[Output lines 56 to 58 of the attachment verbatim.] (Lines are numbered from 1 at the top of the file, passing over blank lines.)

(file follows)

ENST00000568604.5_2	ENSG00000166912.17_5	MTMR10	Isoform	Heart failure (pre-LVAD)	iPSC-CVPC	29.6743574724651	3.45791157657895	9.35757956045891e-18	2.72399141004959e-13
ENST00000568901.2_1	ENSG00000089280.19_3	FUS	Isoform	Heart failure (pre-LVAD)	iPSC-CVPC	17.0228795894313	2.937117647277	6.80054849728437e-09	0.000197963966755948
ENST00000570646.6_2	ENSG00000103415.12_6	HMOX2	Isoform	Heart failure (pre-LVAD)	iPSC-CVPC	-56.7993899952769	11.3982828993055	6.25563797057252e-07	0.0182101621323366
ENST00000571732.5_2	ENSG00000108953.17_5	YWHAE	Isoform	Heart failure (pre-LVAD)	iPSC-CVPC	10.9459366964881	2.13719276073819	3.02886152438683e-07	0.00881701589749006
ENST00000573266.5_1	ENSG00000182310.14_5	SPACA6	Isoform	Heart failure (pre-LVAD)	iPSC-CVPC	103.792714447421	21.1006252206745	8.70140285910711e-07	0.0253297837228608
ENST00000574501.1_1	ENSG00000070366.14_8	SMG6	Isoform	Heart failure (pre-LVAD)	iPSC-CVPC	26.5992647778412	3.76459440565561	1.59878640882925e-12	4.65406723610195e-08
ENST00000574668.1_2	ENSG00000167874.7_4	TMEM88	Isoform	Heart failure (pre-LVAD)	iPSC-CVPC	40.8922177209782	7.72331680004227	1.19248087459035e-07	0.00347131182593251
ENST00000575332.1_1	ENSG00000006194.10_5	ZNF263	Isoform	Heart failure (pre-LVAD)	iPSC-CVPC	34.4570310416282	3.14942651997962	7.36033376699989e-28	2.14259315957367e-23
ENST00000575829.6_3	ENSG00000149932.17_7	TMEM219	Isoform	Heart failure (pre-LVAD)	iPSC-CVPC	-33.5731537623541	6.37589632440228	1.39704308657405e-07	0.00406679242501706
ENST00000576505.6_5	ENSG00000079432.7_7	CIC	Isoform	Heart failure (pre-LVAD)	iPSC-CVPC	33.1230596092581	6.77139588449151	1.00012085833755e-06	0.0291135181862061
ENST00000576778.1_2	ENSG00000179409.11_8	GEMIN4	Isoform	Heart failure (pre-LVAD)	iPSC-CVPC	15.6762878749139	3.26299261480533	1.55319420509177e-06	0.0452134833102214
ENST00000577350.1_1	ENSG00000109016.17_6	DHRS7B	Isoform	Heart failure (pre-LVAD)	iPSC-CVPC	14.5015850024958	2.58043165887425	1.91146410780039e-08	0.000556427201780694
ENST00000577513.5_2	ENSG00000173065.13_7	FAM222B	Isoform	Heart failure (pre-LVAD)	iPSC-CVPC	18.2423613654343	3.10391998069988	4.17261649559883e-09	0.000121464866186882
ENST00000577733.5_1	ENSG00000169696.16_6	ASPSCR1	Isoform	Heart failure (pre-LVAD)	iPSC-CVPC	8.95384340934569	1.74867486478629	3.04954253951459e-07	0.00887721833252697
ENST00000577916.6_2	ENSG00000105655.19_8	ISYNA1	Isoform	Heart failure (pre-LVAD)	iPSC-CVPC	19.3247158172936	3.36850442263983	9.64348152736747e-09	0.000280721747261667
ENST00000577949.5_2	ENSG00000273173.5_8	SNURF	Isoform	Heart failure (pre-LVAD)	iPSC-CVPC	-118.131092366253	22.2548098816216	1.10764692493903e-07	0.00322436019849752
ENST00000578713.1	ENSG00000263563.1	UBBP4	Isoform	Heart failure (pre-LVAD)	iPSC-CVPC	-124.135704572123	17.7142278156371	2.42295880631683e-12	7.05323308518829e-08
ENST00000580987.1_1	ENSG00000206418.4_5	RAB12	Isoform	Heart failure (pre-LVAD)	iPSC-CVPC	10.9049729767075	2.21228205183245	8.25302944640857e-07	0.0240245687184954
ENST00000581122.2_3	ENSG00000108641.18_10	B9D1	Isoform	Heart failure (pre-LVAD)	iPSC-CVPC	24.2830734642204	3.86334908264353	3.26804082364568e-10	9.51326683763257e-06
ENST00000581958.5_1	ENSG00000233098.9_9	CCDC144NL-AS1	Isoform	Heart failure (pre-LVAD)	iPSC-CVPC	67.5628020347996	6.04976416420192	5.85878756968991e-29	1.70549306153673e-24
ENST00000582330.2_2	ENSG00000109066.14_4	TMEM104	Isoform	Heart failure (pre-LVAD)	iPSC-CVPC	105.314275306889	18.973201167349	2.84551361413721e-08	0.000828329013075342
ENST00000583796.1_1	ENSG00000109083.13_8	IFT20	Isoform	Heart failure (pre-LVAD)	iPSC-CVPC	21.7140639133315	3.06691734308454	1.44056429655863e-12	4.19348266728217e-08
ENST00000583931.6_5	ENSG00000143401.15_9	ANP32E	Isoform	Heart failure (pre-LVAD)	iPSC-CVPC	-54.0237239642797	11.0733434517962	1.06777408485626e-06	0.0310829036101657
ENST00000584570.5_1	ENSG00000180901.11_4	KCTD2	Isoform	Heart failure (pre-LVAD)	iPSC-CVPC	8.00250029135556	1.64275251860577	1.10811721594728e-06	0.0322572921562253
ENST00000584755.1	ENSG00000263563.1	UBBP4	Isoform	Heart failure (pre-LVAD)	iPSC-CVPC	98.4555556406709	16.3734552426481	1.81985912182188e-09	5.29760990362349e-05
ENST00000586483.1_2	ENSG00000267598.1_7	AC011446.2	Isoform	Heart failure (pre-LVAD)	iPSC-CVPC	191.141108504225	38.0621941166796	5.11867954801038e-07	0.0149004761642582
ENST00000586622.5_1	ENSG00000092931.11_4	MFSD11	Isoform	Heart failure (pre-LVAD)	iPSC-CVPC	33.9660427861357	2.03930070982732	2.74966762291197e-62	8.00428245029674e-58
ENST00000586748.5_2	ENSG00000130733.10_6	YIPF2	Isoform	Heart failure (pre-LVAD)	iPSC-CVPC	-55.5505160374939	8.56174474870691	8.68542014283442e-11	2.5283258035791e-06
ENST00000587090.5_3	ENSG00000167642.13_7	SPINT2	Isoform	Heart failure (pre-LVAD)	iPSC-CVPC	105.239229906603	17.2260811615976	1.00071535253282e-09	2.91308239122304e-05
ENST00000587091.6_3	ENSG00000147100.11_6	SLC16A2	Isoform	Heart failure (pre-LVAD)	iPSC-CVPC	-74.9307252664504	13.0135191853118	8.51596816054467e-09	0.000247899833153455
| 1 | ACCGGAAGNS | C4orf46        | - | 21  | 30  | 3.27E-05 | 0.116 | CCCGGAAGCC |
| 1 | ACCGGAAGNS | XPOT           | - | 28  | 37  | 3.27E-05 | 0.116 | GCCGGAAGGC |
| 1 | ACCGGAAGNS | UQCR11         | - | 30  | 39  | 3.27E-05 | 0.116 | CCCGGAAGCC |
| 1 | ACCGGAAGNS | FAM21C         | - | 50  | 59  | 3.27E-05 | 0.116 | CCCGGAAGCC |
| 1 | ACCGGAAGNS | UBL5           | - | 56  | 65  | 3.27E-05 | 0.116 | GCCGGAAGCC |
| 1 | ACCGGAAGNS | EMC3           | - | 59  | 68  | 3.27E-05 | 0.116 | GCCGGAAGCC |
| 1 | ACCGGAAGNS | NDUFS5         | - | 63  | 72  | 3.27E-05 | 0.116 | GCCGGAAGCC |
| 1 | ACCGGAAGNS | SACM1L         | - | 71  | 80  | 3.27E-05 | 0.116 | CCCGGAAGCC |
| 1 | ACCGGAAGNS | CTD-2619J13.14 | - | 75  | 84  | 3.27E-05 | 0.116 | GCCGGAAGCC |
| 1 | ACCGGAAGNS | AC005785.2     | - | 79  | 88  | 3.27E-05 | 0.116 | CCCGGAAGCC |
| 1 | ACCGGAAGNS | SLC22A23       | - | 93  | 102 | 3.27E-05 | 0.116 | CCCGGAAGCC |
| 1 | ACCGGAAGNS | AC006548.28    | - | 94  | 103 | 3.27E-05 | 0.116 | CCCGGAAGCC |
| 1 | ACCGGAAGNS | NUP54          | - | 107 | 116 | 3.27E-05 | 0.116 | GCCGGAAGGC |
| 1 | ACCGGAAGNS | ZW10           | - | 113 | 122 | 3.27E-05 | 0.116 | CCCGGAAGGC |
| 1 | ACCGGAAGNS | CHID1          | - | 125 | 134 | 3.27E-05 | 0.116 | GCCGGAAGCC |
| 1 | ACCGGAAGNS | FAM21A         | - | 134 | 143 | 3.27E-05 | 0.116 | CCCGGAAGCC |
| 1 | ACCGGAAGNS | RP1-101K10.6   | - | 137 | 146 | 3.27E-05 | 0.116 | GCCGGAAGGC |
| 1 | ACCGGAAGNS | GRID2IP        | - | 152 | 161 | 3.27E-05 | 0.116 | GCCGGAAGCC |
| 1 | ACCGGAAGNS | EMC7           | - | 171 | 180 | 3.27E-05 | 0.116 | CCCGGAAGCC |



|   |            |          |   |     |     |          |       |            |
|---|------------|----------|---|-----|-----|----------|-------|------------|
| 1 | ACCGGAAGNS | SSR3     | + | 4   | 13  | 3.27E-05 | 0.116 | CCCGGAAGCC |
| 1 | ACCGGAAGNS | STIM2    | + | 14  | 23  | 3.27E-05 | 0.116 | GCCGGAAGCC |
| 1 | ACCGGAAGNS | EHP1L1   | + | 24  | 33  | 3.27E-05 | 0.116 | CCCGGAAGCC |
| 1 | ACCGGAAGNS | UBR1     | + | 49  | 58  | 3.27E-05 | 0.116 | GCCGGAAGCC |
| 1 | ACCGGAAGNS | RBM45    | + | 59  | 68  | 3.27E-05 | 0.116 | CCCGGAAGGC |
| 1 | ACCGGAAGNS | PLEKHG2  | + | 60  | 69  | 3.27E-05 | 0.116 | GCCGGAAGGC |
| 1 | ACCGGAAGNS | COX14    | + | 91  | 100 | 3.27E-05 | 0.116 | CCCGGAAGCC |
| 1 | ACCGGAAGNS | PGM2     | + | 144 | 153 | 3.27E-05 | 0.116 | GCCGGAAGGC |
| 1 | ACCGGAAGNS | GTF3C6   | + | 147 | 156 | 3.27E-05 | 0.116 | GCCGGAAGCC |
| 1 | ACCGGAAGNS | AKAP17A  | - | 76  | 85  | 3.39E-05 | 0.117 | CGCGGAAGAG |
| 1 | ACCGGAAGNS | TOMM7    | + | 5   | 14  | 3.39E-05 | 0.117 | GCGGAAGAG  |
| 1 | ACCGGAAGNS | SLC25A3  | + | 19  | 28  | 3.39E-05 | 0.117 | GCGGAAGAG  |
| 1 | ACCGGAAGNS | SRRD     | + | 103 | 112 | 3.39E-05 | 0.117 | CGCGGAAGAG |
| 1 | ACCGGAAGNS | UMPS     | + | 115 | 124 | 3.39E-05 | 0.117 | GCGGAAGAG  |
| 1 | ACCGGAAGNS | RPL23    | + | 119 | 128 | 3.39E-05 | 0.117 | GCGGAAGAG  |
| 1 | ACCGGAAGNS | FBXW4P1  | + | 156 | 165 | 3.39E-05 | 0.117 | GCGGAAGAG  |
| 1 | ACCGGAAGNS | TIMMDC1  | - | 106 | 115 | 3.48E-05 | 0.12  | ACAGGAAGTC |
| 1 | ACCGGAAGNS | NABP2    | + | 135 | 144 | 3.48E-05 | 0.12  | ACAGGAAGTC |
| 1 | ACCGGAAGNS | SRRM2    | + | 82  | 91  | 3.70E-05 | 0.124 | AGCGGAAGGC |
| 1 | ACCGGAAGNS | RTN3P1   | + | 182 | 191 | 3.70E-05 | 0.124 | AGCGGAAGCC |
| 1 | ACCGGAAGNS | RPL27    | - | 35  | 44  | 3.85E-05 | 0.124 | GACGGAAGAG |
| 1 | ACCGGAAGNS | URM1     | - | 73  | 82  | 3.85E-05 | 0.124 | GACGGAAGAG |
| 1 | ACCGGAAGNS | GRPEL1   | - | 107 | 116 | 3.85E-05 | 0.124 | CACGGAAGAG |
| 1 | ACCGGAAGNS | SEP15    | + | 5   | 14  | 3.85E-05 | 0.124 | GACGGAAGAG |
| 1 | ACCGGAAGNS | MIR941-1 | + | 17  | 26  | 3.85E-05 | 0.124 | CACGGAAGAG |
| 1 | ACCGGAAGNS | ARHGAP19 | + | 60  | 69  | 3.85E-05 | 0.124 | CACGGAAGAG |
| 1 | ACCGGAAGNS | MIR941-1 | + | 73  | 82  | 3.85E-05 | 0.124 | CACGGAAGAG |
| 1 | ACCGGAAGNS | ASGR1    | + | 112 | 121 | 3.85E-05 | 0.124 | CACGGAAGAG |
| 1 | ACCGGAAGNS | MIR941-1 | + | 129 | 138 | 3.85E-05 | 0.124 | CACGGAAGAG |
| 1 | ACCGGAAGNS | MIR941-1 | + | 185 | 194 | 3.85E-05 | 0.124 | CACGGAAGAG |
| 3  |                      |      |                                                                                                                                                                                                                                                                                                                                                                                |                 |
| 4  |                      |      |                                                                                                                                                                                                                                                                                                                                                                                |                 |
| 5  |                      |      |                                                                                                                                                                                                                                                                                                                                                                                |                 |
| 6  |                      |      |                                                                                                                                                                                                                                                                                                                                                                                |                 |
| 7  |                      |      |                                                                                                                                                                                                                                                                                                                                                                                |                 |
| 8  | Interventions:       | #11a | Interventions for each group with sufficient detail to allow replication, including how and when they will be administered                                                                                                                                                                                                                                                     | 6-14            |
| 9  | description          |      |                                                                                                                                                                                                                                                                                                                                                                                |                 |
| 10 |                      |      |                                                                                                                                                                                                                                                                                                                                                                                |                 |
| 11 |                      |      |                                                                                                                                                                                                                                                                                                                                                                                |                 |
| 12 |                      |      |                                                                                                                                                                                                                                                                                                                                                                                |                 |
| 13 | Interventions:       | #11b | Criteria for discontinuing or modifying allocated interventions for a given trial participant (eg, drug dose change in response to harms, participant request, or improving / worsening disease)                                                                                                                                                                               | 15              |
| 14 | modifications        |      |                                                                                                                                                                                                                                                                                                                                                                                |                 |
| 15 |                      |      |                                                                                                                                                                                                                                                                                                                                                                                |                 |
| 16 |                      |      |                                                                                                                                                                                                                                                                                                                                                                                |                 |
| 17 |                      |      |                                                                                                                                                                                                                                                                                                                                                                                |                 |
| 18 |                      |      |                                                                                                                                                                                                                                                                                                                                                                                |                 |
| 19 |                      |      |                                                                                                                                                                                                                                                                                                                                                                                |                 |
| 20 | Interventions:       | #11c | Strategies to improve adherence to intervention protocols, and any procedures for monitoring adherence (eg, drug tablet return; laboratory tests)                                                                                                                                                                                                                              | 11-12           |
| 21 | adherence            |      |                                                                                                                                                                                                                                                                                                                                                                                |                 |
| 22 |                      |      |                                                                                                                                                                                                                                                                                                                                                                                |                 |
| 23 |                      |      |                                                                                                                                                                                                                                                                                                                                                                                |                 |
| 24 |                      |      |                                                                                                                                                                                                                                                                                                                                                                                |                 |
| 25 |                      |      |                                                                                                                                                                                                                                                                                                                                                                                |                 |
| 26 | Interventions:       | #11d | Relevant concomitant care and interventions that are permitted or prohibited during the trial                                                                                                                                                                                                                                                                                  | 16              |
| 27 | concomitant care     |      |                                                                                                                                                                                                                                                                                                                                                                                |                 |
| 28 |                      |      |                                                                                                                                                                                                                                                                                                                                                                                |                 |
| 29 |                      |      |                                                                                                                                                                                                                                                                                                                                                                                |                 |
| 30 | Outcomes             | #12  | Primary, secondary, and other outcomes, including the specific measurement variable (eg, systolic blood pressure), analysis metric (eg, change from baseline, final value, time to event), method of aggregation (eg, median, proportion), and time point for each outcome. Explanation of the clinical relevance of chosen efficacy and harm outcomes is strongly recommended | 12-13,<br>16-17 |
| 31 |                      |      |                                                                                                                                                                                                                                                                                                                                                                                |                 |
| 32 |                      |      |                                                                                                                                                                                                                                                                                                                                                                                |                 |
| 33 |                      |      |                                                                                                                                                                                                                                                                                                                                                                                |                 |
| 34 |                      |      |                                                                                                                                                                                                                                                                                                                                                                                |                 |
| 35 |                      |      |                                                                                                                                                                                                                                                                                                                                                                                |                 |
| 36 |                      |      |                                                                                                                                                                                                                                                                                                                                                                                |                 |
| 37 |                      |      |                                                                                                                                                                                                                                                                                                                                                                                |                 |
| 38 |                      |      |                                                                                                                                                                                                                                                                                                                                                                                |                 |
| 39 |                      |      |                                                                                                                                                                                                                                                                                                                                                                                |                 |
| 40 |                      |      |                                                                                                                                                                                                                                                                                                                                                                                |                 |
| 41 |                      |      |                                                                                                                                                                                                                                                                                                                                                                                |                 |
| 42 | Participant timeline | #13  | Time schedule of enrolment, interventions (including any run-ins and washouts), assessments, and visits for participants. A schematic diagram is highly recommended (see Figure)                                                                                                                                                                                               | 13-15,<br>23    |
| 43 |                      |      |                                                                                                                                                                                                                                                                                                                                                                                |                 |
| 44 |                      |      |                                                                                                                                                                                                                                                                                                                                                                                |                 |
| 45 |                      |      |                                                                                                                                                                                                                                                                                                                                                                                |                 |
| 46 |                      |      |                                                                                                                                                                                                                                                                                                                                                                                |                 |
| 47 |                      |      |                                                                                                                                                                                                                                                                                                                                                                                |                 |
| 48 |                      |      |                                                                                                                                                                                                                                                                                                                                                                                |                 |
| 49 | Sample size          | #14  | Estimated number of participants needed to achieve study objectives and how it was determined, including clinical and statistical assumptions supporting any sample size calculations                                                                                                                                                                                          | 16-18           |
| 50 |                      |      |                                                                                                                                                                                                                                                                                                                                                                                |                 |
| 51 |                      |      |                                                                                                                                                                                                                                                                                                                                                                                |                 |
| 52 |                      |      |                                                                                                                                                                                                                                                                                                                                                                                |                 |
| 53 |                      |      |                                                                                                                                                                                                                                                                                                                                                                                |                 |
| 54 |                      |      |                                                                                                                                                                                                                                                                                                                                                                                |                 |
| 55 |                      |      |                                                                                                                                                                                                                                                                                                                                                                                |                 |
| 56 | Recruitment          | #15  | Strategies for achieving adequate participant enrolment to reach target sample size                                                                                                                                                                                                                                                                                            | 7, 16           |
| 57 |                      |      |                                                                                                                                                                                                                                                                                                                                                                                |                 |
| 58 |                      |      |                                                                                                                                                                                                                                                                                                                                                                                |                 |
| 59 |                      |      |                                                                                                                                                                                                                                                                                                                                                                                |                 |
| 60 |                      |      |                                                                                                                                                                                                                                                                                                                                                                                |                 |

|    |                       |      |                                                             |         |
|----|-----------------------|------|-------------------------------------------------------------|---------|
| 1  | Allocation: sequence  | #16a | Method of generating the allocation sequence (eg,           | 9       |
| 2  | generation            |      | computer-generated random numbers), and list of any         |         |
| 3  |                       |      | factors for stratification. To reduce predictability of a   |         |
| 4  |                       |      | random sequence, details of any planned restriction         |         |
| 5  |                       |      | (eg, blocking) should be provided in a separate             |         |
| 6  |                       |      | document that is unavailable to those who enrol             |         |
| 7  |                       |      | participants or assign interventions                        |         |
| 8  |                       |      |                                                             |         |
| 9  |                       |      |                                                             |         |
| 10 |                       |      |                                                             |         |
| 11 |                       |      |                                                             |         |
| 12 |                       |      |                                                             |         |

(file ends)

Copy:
| 1 | ACCGGAAGNS | RBM45    | + | 59  | 68  | 3.27E-05 | 0.116 | CCCGGAAGGC |
| 1 | ACCGGAAGNS | PLEKHG2  | + | 60  | 69  | 3.27E-05 | 0.116 | GCCGGAAGGC |
| 1 | ACCGGAAGNS | COX14    | + | 91  | 100 | 3.27E-05 | 0.116 | CCCGGAAGCC |